Claims of ineffective assistance of counsel, of course, "may be brought in a collateral
proceeding under §2255 whether or not the petitioner could have raised the claim on direct appeal." Massaro v. United States, 538 U.S. 500, 504 (2003). But a petitioner may not avoid the bar on re-litigating appellate claims merely by restyling them as alleged errors of counsel. See generally Riascos-Prado v. United States, 66 F.3d 30, 34 (2d Cir. 1997) (barring 2255 petitioner from raising an ineffective assistance of counsel claim that was "simply a slightly altered rearticulation of a claim that was rejected on his direct appeal"); Slevin, 1999 WL 549010 at *4 ("Petitioner cannot in a §2255 motion reargue the substance of claims the Court of Appeals has already rejected simply by introducing those claims with 'Counsel failed to argue that….' Such claims clearly fall under the 'slightly altered rearticulation' standard of Riascos Prado, 66 F.3d at 34, and the Court accordingly declines to reexamine their merits").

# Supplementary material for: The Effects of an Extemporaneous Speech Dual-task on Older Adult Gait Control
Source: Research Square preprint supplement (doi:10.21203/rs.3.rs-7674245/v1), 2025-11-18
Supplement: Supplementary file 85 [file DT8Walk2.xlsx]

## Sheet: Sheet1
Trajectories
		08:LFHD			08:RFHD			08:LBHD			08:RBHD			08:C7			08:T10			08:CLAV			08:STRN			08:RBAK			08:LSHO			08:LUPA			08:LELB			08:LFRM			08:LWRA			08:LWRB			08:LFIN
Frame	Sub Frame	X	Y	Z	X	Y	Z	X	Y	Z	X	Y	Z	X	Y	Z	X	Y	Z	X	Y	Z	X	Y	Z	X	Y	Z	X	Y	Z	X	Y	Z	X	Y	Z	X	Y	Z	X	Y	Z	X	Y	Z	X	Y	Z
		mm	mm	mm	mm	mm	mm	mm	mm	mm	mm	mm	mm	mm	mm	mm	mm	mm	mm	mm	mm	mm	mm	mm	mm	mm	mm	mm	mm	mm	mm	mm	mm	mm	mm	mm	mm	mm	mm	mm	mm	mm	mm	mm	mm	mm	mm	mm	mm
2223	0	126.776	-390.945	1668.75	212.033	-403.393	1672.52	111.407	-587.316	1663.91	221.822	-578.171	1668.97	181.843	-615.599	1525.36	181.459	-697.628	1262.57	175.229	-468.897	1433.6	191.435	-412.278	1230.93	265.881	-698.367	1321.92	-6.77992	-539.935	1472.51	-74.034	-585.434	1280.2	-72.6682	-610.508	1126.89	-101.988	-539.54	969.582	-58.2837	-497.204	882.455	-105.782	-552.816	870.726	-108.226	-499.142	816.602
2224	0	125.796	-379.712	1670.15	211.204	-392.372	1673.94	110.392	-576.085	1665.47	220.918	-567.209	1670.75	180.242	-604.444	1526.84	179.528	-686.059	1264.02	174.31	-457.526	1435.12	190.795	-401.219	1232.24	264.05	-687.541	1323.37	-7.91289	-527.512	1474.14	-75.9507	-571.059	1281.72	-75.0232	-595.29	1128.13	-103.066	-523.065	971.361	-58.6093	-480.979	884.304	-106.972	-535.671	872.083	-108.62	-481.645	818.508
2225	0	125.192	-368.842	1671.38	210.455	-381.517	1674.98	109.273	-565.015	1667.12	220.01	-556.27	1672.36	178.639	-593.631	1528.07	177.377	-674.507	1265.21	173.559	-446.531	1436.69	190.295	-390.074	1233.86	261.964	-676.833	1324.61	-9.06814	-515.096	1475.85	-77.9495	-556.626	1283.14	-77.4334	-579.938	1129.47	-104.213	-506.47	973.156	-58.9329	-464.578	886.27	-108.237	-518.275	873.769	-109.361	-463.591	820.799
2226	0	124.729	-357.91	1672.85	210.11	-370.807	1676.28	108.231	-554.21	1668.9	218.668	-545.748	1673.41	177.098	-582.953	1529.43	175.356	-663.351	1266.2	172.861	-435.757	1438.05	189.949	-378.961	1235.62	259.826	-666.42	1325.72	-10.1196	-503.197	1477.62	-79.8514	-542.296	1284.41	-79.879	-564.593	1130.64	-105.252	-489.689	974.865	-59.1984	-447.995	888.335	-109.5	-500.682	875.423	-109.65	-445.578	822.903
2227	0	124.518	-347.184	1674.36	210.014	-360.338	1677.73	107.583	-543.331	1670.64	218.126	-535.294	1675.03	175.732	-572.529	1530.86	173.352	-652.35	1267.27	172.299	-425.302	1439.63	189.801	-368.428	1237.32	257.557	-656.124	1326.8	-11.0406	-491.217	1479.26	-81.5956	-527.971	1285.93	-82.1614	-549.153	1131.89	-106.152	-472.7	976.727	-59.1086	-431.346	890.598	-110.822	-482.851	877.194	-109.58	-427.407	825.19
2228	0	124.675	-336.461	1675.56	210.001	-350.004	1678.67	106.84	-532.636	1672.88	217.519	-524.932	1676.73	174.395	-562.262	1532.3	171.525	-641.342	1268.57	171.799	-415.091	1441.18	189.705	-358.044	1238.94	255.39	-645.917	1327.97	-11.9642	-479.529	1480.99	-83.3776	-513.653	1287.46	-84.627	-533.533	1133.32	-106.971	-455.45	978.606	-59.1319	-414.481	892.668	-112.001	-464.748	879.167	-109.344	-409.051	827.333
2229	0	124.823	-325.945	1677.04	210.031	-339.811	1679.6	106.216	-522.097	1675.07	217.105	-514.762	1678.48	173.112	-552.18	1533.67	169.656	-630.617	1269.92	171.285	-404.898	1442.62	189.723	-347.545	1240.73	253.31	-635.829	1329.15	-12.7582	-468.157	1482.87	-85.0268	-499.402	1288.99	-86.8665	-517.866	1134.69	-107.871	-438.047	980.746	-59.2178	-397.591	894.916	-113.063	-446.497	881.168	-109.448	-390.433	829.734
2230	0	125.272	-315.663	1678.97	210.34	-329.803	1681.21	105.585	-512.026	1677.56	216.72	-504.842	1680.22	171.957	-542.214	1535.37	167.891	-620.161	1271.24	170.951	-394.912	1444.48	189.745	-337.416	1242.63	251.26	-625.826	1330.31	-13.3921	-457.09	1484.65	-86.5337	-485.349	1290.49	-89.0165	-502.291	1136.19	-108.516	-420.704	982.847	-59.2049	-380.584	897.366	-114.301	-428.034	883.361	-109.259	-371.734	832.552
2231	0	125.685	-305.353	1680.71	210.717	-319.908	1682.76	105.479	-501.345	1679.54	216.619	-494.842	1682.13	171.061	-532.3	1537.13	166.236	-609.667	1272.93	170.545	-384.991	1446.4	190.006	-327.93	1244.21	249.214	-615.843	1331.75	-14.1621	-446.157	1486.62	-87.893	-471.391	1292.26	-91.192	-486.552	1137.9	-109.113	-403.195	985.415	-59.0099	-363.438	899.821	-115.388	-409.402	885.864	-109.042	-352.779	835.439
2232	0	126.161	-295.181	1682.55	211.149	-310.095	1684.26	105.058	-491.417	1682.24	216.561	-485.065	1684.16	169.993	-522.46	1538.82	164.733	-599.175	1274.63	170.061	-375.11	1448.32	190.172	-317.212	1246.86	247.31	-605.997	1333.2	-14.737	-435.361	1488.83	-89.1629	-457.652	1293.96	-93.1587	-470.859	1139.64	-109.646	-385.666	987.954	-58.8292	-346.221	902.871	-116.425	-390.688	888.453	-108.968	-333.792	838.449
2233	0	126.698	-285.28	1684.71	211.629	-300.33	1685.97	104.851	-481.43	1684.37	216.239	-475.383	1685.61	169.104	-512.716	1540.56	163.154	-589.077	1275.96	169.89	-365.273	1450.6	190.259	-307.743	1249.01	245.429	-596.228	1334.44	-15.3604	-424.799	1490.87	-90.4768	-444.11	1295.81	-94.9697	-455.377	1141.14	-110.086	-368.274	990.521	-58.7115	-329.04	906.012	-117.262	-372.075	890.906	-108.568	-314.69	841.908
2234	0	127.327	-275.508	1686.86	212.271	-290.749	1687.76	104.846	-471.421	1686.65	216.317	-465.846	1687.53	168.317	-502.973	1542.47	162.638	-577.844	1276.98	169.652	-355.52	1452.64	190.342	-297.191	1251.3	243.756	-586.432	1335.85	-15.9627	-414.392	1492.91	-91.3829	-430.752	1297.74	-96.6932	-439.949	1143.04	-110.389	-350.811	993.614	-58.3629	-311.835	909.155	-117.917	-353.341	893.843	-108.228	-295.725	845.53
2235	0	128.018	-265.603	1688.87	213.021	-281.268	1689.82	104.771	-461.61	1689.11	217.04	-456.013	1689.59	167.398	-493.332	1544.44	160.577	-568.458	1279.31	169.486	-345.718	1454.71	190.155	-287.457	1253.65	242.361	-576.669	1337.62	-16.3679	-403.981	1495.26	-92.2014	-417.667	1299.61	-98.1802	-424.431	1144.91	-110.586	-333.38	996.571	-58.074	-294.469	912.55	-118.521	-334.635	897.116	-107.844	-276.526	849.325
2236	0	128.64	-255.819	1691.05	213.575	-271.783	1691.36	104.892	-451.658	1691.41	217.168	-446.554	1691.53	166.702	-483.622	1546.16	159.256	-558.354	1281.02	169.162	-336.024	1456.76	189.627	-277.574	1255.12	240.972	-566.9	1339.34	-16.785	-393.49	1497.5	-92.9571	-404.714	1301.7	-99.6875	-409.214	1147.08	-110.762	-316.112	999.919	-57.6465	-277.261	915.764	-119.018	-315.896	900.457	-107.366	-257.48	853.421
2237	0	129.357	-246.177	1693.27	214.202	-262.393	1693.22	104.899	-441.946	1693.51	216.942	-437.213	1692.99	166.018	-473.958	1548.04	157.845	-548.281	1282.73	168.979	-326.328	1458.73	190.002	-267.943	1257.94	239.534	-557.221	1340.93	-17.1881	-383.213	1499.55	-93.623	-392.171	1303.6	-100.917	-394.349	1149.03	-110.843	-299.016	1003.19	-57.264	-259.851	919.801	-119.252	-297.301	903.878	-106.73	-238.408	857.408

The petition and two supporting memoranda of law, exceeding fifty pages in length, advance six separately numbered "Grounds."1 Each alleges that Dixon's attorney Joel Stein, Esq. was ineffective in his handling of Guidelines-related matters at Dixon's resentencing in June 2006.
A. Ground One.
In Ground One, Dixon claims that "there is no indication in the established record that the court ever adequately considered the factors set forth in 18 U.S.C. §3553(a), or how, in reaching its decision(s) on sentencing,…did [sic] the court consider, at any time, whether to impose a
Guidelines sentence or a non-Guideline sentence in accordance with its [r]emand instructions." The ineffectiveness prefix to this claim asserts that "[c]ounsel was…patently ineffective…for failing to properly object to the district court going beyond the specific reasons for remand" and "counsel never sufficiently challenged the court in any way in these regards." Pet. at 5(a), (c).